John Hughes is the co-author of a new video course from OUP called ‘Successful Presentations’. On 25th January, he hosted a webinar on this topic. In this post, he sums up the key points of managing presentations in the classroom.
Preparation before the presentations
Among most people’s list of most stressful situations, speaking in public comes at the top or close to it. This level of stress is magnified when a presentation is being delivered in another language. So the preparation stage is crucial. Use it for students to check their English and to build their confidence. You’ll need to input useful phrases such as ‘Today I’d like to talk about…’ and ‘Now let’s move on to…’ but language input also means providing individual students with key vocabulary for the topic of their presentation. Next you need to give students preparation time including rehearsal time at outside of class. Remember that students might need strategies for preparation at home. One useful technique is for students to work in pairs and practise in front of each other.
During the presentations
On the actual day that students give their presentations, prepare the classroom beforehand. Make sure students have all the equipment and technology they need AND that it all works. As the teacher you need to make notes for feedback but also sit back and enjoy the presentation as an audience member with the rest of the class. The other students who are listening in the audience should also actively participate. That means more than sitting quietly. They should think of questions and comments for the speaker. You can also focus their attention by giving them a task to do while listening; for example, they can write down one thing they like about the presentation and one thing they think the speaker needs to work on.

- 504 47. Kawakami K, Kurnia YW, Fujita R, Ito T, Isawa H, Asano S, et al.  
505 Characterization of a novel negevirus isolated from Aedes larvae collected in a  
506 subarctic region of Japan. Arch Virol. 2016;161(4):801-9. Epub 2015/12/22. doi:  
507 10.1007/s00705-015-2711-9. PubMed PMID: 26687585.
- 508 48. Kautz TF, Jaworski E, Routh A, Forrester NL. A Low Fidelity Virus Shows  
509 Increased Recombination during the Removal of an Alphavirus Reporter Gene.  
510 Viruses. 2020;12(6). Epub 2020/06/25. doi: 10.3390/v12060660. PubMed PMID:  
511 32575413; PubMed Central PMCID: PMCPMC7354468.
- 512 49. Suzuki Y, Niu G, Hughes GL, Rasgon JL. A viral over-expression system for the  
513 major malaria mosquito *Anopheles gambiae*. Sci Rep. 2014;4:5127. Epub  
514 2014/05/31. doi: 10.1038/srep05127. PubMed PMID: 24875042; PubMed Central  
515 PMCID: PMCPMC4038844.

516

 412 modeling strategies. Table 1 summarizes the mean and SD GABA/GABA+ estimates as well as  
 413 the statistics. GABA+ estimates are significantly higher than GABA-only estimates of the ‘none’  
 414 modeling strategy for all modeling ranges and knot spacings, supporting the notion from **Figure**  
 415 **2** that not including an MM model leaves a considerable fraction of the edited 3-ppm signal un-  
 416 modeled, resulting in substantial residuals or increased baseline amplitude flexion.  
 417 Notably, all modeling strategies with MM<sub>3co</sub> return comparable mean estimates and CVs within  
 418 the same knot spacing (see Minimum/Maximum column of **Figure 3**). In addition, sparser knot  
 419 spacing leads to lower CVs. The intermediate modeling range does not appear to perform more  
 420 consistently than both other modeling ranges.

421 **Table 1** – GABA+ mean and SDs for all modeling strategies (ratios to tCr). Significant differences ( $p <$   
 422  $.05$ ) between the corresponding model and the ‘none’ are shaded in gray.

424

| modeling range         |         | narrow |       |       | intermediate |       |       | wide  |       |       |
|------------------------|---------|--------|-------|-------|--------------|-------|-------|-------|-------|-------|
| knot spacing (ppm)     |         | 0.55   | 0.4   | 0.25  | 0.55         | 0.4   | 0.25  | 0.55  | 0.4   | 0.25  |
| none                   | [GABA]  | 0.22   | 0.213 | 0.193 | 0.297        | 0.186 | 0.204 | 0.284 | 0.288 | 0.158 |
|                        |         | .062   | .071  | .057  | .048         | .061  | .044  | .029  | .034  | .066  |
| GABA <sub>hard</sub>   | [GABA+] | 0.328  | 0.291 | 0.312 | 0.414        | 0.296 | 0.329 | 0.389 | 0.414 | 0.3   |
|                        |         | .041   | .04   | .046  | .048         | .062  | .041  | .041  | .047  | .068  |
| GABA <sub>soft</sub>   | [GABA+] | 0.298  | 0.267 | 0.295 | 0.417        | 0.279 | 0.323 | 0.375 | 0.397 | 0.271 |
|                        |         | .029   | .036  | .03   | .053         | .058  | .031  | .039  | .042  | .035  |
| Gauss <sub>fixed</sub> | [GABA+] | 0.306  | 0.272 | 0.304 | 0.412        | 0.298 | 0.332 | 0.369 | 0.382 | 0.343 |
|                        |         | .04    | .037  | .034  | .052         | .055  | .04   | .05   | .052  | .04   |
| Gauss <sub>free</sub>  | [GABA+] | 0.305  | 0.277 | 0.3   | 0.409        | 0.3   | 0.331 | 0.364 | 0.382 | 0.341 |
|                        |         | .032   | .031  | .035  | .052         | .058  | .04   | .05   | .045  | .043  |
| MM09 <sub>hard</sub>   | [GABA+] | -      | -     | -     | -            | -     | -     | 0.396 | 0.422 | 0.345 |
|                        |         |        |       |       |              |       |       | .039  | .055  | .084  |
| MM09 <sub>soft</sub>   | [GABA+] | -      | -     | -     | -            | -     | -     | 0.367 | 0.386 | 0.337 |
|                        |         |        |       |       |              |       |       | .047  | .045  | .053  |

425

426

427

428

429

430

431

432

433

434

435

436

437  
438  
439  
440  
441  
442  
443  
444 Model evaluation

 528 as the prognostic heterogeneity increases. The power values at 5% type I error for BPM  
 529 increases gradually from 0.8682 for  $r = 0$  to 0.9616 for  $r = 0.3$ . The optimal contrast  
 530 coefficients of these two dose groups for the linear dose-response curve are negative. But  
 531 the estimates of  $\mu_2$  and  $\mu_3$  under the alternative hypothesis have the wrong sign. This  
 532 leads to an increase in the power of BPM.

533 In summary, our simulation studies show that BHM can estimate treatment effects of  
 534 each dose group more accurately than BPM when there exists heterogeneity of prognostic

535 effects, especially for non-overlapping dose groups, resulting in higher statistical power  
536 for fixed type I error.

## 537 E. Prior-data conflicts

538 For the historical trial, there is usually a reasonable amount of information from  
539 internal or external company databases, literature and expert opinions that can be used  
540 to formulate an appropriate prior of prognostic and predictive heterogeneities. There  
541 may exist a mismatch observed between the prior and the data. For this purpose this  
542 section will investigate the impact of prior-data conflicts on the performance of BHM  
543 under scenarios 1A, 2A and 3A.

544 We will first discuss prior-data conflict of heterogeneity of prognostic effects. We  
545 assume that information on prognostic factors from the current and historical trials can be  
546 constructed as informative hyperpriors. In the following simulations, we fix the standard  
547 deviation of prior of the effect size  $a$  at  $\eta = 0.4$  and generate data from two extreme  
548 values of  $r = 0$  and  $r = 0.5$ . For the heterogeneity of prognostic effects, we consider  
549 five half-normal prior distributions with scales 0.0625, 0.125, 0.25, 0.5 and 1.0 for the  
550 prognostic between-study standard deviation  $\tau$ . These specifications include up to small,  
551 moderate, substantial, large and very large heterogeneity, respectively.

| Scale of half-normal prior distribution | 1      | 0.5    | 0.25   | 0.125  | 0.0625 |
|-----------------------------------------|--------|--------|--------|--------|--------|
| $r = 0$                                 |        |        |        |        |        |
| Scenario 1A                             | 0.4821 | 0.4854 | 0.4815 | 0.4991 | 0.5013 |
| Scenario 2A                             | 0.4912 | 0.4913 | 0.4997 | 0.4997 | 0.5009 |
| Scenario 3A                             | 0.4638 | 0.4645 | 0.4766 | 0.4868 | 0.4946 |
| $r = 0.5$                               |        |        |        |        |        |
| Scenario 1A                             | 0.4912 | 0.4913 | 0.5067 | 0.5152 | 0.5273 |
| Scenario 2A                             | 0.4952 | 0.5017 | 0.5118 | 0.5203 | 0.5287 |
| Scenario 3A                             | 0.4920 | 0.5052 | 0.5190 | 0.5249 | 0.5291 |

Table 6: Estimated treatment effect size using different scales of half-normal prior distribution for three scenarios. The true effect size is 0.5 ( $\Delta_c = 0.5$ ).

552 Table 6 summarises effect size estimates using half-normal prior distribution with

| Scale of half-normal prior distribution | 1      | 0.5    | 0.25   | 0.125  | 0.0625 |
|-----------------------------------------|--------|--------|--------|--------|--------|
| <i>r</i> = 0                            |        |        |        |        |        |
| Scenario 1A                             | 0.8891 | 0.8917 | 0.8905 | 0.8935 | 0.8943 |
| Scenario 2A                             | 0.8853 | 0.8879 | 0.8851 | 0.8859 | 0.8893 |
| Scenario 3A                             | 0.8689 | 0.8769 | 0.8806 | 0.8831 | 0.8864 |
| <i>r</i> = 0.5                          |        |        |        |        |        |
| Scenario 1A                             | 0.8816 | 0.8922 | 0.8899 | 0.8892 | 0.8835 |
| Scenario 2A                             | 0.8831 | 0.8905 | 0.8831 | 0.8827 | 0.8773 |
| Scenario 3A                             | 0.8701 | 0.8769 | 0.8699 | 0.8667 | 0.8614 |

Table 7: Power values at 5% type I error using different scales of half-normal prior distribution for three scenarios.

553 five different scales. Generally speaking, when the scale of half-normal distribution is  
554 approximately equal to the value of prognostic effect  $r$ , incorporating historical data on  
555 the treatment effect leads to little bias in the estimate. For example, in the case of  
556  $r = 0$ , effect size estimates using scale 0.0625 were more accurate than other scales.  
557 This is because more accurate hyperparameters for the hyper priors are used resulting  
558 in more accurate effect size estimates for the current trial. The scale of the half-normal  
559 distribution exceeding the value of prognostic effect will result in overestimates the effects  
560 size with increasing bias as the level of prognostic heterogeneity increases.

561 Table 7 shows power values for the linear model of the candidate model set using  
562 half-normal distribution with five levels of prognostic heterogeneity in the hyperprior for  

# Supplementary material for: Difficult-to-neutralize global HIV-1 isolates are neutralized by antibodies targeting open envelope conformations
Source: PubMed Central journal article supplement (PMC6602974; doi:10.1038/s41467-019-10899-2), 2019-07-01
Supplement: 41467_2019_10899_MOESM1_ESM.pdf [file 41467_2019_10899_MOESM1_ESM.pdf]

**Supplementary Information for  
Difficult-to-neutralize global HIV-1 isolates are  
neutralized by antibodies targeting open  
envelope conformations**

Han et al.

After the presentations
Students need feedback and there are different ways to handle this. One option is to meet students individually and give comments. If you have filmed the presentation, then you can also pick out certain sections for feedback or the student could study the video after class. Using a formalised feedback form is also useful at this stage so that there is a clear focus to the feedback. Alternatively, you could talk generally with the whole group about all the presentations and discuss any common issues that reoccurred; this will obviously work well with groups who are familiar with each other and have a good rapport.